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Teen driver fatalities have plummeted since the 1990s, but car crashes remain the number one killer of teens in the U.S.

Teens are not bad drivers. The issue is that they are inexperienced and the part of the brain that controls decision making and judgment is not fully developed until the early to mid-20s, according to the Governors Highway Safety Association.Teen driver

The good news is that programs and greater parent and adult involvement have lead for lower teen driver fatality numbers.

Graduated driver licensing laws have been a key reason that teen driver fatalities have fallen since the 1990s. Each state has some form of graduated licensing law, such as nighttime and passenger restrictions for teen drivers.

There is also a movement to expand those laws. For instance, New Jersey became the first state to require drivers younger than 21 to display a decal on their vehicles showing that they are new drivers.

Safe driving advocates trumpet the fact that teen driver fatalities have dropped since the 1990s, but there are still these sobering statistics:

  • Car crashes are the number one killer of teens in the U.S.
  • Teen drivers have the highest crash risk of any age group on the road.
  • Teens are three times more likely than drivers 20 and older to be involved in a fatal crash.

Distracted teen drivers

In what the AAA Foundation for Traffic Safety called “the most comprehensive research ever conducted into crash videos of teen drivers,” researchers found that distracted driving plays a larger role in teen-related crashses than what police report data show.

The AAA Foundation of Traffic Safety researchers analyzed the six seconds leading up to a crash of almost 1,700 videos of teen drivers taken from in-vehicle event recorders. They found that distracted driving played a part in 58 percent of all crashes. This is much higher than 14 percent of all teen driver crashes that has been reported by the National Highway and Traffic Safety Administration, according to AAA.

The study found that drivers, who were on their cell phones, kept their eyes off the road for an average of 4.1 out of the final six seconds leading to a crash. In fact, researchers found that teens, who were using their cell phones, didn’t react more than half of the time in rear-end crashes and actually crashed without braking or steering.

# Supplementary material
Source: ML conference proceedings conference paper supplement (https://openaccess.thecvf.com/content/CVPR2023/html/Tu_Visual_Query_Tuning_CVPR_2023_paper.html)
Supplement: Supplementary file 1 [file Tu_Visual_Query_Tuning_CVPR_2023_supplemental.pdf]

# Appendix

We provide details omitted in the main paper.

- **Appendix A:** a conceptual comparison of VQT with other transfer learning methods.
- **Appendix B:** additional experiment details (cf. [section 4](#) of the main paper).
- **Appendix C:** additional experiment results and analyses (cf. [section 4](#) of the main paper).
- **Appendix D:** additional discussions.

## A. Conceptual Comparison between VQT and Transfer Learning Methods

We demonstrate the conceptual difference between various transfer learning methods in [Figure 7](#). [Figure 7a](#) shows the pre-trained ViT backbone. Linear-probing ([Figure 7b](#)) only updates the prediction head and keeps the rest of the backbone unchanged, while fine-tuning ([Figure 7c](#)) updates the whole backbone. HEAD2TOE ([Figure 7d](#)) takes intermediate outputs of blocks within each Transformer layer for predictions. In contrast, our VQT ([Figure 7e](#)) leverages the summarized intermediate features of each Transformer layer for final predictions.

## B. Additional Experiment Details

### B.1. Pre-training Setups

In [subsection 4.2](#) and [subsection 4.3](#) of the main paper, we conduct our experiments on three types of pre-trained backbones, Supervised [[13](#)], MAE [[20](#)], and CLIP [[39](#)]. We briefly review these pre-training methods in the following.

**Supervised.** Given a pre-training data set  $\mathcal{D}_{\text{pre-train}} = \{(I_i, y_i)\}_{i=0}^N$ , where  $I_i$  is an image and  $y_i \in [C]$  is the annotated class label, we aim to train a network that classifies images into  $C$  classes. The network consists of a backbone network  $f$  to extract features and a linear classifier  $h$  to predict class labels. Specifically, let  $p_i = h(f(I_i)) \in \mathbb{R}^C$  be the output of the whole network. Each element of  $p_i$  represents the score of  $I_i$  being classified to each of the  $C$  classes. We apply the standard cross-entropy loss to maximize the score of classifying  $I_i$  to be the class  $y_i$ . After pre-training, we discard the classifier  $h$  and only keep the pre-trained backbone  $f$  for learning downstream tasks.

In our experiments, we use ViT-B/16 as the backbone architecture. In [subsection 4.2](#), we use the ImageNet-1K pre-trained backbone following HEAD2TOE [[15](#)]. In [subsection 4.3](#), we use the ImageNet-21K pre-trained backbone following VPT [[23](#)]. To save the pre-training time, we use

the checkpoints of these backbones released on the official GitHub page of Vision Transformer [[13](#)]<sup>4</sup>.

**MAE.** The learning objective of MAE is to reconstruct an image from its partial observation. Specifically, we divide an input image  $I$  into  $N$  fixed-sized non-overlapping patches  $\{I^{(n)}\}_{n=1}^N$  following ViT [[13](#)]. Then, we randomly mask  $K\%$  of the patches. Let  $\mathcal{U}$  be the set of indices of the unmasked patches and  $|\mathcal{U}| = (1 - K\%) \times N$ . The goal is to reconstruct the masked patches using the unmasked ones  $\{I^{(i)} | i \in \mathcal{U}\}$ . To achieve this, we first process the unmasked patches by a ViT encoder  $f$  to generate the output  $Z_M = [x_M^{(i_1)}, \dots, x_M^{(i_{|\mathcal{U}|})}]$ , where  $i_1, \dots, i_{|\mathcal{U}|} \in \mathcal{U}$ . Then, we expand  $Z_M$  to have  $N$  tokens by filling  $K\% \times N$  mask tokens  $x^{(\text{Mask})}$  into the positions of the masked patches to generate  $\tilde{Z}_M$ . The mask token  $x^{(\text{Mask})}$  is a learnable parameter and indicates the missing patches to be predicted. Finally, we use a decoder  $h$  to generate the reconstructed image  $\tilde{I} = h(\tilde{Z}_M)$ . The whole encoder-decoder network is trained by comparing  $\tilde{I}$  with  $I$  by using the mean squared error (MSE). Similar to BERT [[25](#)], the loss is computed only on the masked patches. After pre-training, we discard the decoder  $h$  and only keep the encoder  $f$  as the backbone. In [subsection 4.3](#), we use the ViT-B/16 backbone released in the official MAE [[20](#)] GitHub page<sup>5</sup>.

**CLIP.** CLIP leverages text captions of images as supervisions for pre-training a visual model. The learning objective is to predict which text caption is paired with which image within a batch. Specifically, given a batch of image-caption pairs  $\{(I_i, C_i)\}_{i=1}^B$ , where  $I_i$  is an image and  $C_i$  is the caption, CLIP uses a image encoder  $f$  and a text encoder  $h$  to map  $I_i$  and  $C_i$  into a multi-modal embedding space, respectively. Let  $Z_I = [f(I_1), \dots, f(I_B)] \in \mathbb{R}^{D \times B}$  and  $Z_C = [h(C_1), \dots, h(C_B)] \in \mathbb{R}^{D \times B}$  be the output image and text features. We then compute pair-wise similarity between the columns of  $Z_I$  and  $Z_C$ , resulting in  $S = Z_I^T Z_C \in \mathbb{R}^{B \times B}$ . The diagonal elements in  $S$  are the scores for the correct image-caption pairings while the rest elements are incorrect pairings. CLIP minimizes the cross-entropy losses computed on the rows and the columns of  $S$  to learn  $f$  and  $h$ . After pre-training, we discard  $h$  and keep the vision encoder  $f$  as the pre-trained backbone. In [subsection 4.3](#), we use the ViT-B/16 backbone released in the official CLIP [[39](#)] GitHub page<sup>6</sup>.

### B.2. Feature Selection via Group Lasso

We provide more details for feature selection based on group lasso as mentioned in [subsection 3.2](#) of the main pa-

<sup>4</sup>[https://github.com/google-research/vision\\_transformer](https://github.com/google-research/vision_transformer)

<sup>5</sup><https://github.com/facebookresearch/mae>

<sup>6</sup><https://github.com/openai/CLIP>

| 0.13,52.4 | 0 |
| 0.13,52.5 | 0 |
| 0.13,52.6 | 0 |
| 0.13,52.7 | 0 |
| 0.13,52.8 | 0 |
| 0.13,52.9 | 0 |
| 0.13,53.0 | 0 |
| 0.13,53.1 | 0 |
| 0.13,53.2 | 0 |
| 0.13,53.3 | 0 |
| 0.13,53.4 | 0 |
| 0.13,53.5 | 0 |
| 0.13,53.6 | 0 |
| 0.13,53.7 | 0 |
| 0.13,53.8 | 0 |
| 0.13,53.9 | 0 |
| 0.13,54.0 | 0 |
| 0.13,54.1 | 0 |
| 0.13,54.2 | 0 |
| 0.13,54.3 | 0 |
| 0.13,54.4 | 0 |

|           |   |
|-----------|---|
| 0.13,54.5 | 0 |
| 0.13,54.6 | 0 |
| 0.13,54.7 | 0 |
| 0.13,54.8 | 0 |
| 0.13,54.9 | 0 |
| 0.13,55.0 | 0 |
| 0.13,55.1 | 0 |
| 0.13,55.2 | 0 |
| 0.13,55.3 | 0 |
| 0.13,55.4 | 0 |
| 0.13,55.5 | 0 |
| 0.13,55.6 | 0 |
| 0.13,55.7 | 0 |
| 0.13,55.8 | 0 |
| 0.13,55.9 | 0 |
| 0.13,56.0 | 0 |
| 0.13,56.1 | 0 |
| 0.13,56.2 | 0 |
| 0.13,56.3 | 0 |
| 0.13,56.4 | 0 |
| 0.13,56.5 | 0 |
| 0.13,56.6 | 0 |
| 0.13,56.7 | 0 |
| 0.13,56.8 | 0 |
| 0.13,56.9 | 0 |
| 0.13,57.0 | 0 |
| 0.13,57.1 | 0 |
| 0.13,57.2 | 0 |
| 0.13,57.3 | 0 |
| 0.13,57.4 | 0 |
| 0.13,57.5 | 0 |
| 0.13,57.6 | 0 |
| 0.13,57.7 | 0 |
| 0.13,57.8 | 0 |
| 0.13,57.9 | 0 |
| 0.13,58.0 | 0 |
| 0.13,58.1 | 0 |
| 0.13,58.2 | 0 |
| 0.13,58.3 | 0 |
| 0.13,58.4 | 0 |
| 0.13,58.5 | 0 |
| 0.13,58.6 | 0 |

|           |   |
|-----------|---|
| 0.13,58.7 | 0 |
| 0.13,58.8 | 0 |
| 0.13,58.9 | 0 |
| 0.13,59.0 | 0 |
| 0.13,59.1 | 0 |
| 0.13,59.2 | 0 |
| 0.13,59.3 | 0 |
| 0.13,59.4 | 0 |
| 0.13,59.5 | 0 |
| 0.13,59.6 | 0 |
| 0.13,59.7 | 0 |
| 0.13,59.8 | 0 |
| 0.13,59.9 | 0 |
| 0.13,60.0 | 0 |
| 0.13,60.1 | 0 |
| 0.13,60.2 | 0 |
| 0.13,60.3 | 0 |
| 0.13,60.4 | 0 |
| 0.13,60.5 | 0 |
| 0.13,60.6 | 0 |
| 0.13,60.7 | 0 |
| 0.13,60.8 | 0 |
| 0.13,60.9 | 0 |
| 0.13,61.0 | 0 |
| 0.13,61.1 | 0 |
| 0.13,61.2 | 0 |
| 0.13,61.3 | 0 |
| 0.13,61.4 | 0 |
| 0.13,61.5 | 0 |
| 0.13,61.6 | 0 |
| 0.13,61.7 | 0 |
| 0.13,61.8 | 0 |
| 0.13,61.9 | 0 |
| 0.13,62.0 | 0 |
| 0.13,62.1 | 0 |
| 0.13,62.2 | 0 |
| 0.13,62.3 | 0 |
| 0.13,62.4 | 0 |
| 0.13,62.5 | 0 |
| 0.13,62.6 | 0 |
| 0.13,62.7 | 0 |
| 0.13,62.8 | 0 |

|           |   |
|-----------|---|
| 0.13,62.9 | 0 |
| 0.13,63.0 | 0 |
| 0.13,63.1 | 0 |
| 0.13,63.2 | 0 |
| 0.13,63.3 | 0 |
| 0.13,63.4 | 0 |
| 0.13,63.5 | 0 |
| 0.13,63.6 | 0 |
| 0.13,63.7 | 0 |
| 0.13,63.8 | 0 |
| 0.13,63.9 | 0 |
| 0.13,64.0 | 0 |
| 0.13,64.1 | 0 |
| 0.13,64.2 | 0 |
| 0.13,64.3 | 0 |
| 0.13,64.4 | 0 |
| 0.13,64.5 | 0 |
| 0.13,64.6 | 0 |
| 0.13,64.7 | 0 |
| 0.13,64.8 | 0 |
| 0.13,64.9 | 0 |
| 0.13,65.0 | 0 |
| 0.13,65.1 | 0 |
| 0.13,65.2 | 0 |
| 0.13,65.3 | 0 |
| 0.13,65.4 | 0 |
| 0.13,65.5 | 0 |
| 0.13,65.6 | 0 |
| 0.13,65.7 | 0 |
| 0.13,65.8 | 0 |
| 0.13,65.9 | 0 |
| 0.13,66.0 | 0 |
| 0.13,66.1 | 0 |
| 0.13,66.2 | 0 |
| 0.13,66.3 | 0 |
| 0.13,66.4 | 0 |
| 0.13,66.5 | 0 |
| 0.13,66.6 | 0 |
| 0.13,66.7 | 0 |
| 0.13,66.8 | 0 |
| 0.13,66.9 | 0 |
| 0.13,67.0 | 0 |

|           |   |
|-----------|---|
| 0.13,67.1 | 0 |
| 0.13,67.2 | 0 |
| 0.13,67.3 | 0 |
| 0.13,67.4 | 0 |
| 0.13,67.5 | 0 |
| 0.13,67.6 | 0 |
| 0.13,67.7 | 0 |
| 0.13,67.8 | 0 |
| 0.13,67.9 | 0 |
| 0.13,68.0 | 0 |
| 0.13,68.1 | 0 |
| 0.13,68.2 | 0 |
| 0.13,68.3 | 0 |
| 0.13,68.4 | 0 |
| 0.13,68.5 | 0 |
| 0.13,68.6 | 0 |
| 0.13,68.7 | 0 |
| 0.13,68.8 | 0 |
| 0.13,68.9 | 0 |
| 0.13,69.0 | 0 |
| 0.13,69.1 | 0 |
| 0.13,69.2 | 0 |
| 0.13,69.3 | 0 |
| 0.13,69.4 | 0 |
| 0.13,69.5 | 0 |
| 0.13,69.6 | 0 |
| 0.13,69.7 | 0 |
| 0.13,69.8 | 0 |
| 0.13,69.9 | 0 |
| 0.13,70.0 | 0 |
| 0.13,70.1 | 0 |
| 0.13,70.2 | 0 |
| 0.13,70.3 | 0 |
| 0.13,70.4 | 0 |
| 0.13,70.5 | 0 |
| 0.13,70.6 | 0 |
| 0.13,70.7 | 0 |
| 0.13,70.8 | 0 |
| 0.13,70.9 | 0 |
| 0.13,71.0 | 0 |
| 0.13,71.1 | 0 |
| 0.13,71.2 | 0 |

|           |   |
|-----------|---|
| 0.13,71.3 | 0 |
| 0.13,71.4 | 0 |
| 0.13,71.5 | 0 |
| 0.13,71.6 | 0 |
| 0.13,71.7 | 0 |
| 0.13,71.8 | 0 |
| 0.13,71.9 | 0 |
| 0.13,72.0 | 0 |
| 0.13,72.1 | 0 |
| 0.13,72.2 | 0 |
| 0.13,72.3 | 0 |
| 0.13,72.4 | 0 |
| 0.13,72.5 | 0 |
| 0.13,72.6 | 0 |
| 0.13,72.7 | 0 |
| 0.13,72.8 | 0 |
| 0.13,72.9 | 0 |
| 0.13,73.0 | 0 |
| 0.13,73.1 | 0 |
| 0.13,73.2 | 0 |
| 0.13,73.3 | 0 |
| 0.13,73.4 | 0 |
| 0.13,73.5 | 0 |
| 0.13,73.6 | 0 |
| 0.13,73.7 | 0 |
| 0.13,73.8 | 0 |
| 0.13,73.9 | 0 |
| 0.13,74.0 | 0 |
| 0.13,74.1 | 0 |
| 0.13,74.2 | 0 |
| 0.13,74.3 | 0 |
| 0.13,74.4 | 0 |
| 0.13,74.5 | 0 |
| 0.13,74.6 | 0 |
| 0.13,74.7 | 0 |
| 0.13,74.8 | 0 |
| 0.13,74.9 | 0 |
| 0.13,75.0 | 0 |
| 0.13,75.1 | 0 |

Here is what the AAA Foundation for Traffic Safety found was the most common form of distraction in crashes involving teens in the study:

  • Interacting with one or more passengers – 15 percent of crashes
  • Cell phone use – 12 percent
  • Looking at something in vehicle – 10 percent
  • Looking at something outside the vehicle – 9 percent
  • Singing/moving to music – 8 percent
  • Grooming – 6 percent
  • Reaching for an object – 6 percent

“It is troubling that passengers and cell phones were the most common forms of distraction given that these factors can increase crash risks for teen drivers,” says AAA CEO Bob Darbelnet, in announcing the results. “The situation is made worse by the fact that young drivers have spent less time behind the wheel and cannot draw upon their previous experience to manage unsafe conditions.”

Parents are key

This information is depressing, but there are ways to prevent accidents. Parents can play a major role in keeping their teen drivers safe.

Kara Macek, director of communications at the GHSA, says parents need to be the enforcers of teen driver laws – even more so than police.

“We rely on parents to understand and engage,” says Macek.

Macek says GHSA has teamed up with Ford Motor Company to promote the importance of parents for teen drivers. It’s important for parents to not only know the laws, but understand why they exist, she says.

“The most important thing is to be totally open and honest, explain that the reason you’re doing this is that you love them and you don’t want to lose them or see them hurt,” says Macek.

Here are a few ways parents can help their teen drivers:

  • Parents are the law in the household. They can enforce stricter rules than states.
  • Model good behavior. Children are always watching and observing their parents. Make sure you are a good role model as a driver – even when they’re infants.
  • Don’t text and drive.
  • Drive with your teen and practice in different conditions. Teen drivers will make better decisions if parents spend more time in the passenger seat.

“Today’s teens are tomorrow’s adults and today’s teens are tomorrow’s influencers. It’s really important that you get them on good driving habits early,” she says.

Adult influencers can play a part

GHSA is promoting a recent study called “Under Their Influence: The New Teen Safe Driving Champions.” The report, which was funded through a grant from the Ford Motor Company Fund, says “adult influencers,” such as teachers and coaches, can help lead teen drivers to make better decisions.

Some states, including New York, have created programs to engage coaches to teach better teen driver behavior. The idea is that teachers and coaches often spend as much if not more time with teens than parents. These adult influencers can reinforce good driving habits that are modeled by parents.

Macek says these kinds of community programs can play an important role in preventing teen driver fatalities.

“These are preventable tragedies. It takes all of us,” says Macek. “There is no silver bullet. It’s going to take all of us working together.”

Find out all about teen driver insurance in our Car Insurance for Teens Guide